Monday, November 14, 2011

The Ellensburg sky for the week of 11/19/11

Saturday: The Nature of Night event takes place from 10 a.m. to 3 p.m. in Black Hall on the CWU campus. There will be planetarium shows, fun nighttime projects, telescopes, animals, cookies and much more. The event is free. Go to for more information. Wait, don’t go to a computer. Go directly to Black Hall, G-12 on the map found at The Center for Excellence in Science and Mathematics Education at CWU and various community sponsors work together to put on this event.

Sunday: You know winter is coming when Orion is visible in the evening sky. It is about a fist above the east-southeast horizon at 9 p.m.

Monday: When you think of space, the first image that comes to mind is a few large, massive bodies surrounded by a lot of empty space. After all, it is called “outer space”, not “outer stuff”. But that so-called empty space is filled powerful radiation and high-speed sub-microscopic particles. Much of this is dangerous to life. However, many planets, including Earth, have a shield against these called a magnetic field. Jupiter’s magnetic field is the strongest of all the planets. Find Jupiter four and a half fists above the southeast horizon at 8 p.m. For more information about magnetic fields, go to

Tuesday: Saturn, Spica, and the waning crescent moon are huddled together in the early morning sky. The Moon is one and a half fists above the southeast horizon. Spica, the brightest star in the constellation Virgo, is a couple of finger widths to the upper left of the Moon. Saturn is less than a half a fist to the upper left of Spica.

Wednesday: Are you thankful that you live in a solar system with multiple planets? You should be. A giant planet like Jupiter cleans up planetary debris that could have collided with Earth and hindered the formation of complex life. Any inhabitants of the planets orbiting Upsilon Andromedae are thankful for this, as well. Upsilon Andromedae, a star in the constellation Andromeda, was the first Sun-like star discovered to have multiple planets orbiting it. So far, all of its planets are giant planets like Jupiter. But, the system is likely to also contain smaller planets. The dim star, but certainly not its planets, is barely visible straight overhead at 9 p.m.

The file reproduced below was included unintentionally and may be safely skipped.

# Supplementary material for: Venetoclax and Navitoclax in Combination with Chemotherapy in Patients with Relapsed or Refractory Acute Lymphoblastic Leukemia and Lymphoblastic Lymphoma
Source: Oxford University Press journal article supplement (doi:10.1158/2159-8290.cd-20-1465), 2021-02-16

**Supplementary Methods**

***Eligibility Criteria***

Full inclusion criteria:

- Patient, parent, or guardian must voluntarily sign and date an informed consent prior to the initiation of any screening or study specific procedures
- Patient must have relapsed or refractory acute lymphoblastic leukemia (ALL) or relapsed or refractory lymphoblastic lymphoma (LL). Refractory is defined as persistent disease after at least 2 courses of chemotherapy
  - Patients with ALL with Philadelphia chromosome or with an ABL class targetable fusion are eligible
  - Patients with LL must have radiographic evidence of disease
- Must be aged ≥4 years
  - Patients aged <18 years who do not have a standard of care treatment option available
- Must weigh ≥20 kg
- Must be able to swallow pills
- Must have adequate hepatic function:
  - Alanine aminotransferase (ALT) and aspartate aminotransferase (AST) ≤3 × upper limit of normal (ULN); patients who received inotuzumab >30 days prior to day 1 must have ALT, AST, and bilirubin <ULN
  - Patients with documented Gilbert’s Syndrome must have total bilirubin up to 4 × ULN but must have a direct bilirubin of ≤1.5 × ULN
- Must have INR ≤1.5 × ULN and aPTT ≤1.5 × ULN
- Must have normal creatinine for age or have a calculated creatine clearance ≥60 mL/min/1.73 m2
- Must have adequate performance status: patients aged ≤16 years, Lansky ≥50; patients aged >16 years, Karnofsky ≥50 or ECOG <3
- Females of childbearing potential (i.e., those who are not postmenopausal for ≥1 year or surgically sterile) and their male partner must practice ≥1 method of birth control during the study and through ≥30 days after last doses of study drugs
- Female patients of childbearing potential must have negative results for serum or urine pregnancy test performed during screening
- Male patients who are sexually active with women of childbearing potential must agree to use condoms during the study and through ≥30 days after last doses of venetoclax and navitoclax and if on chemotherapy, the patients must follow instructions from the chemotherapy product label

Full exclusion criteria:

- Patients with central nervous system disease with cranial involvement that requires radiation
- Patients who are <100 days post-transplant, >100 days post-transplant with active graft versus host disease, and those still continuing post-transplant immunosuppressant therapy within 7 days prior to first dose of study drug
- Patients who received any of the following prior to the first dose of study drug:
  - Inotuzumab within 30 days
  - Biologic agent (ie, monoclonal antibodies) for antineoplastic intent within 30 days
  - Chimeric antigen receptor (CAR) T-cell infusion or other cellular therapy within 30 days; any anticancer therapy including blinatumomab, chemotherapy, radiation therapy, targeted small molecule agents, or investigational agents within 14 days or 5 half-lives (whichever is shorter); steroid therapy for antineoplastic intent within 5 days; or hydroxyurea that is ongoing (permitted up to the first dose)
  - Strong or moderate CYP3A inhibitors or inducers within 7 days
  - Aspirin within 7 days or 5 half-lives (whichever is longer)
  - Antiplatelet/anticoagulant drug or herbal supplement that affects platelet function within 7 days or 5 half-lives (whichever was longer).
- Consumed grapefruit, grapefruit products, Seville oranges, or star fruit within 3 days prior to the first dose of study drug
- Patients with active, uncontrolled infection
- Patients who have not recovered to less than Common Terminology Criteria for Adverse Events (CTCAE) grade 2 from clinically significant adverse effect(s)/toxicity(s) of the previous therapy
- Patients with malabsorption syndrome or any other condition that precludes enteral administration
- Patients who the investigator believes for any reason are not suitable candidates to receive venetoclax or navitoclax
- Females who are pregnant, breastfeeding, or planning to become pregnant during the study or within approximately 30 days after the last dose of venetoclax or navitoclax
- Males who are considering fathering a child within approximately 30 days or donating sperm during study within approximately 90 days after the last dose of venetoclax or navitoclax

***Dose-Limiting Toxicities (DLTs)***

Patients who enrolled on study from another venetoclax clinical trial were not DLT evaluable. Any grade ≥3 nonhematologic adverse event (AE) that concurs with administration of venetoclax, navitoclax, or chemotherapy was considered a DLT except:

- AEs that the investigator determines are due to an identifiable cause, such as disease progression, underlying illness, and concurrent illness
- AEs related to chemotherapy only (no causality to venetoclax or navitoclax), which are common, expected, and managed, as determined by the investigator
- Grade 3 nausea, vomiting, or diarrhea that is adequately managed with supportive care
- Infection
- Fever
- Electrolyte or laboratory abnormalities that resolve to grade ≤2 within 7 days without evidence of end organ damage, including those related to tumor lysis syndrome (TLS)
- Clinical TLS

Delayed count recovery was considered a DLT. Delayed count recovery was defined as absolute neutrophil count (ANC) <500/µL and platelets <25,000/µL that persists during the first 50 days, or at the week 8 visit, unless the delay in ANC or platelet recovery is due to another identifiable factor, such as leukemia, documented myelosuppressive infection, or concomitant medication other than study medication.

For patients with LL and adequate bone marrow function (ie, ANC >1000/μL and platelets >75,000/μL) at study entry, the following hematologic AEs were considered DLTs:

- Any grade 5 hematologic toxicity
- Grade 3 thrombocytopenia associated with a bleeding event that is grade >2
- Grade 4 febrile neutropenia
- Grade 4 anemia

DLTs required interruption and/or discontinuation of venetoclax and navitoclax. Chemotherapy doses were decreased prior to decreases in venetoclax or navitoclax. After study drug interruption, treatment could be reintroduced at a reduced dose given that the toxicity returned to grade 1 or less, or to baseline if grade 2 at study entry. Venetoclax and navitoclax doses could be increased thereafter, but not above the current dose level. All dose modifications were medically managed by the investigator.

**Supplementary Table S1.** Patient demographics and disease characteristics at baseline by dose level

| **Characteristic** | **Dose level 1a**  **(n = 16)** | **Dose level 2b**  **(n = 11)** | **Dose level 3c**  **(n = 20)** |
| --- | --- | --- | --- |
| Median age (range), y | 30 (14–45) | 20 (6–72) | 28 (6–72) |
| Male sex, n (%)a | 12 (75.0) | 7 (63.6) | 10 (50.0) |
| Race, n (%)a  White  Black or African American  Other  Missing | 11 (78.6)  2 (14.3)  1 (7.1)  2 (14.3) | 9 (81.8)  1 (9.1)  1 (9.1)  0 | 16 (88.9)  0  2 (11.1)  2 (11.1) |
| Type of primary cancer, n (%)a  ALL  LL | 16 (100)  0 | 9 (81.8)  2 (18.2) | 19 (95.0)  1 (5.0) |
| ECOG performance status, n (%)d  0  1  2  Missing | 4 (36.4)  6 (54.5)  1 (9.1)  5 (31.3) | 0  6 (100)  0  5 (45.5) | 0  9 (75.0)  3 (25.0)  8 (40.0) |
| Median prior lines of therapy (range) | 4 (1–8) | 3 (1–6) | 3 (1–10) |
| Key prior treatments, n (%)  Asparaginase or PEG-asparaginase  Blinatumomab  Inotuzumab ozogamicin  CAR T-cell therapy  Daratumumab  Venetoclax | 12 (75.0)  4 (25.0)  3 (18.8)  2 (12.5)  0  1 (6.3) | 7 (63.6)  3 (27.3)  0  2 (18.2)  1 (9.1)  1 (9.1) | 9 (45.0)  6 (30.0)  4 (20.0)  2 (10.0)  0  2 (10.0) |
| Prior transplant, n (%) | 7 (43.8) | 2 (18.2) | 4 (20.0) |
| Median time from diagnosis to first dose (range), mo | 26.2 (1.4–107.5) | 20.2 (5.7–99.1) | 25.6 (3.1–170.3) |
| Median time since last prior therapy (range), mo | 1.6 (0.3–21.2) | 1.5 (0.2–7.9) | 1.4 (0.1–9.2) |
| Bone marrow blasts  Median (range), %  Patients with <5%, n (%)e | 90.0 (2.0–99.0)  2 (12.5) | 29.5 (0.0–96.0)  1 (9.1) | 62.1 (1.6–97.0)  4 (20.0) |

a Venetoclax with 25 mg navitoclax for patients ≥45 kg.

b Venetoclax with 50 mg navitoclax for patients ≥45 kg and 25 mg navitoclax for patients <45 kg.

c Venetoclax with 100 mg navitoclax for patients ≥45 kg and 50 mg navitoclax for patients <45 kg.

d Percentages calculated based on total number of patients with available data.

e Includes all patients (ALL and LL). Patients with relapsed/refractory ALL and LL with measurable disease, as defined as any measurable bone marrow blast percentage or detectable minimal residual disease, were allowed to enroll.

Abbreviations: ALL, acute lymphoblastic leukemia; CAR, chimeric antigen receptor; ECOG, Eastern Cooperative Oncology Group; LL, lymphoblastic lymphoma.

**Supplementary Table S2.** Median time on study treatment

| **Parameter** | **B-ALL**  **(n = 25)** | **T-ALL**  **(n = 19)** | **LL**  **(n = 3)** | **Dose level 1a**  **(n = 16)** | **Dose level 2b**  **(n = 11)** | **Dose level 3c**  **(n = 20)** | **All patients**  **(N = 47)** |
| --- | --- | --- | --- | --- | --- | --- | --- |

Thursday: Some of us have a lot to be thankful for on Thanksgiving. But, probably not as much as Andromeda had to be thankful for. According to Greek mythology, the beautiful princess Andromeda was chained to a rock next to the ocean. Cetus the sea monster was about to devour her in order to punish her family. Her mother Queen Cassiopeia and her father King Cepheus didn’t know what to do. It seemed that all was lost. But, along came Andromeda’s boyfriend, the great warrior Perseus. Even though Perseus’ standing as the son of King Zeus and the slayer of Medusa was probably enough to win Andromeda under normal circumstances, Andromeda’s impending death-by-sea-monster was not a normal circumstance. So, Perseus drove his sword into the sea monster’s neck and killed it. This was the first time in recorded history that a set of parents actually welcomed an uninvited Thanksgiving visit from the boyfriend. Perseus is about five fists above the east-northeast horizon and Andromeda is about seven fists above the east horizon at 7 p.m.

Friday: Are you staying up late Thursday or getting up super early this morning to catch those Black Friday sales? Mars is about a half a fist above the east horizon at midnight. By 5 am, it is four fists above the southeast horizon. If you find Mars this morning, you’ll be doing a lot better than the poor Phobos-Grunt mission. It launched on November 9, only to have its final booster rocket fail. For more (extremely detailed) information, go to

The positional information in this column about stars and planets is typically accurate for the entire week.

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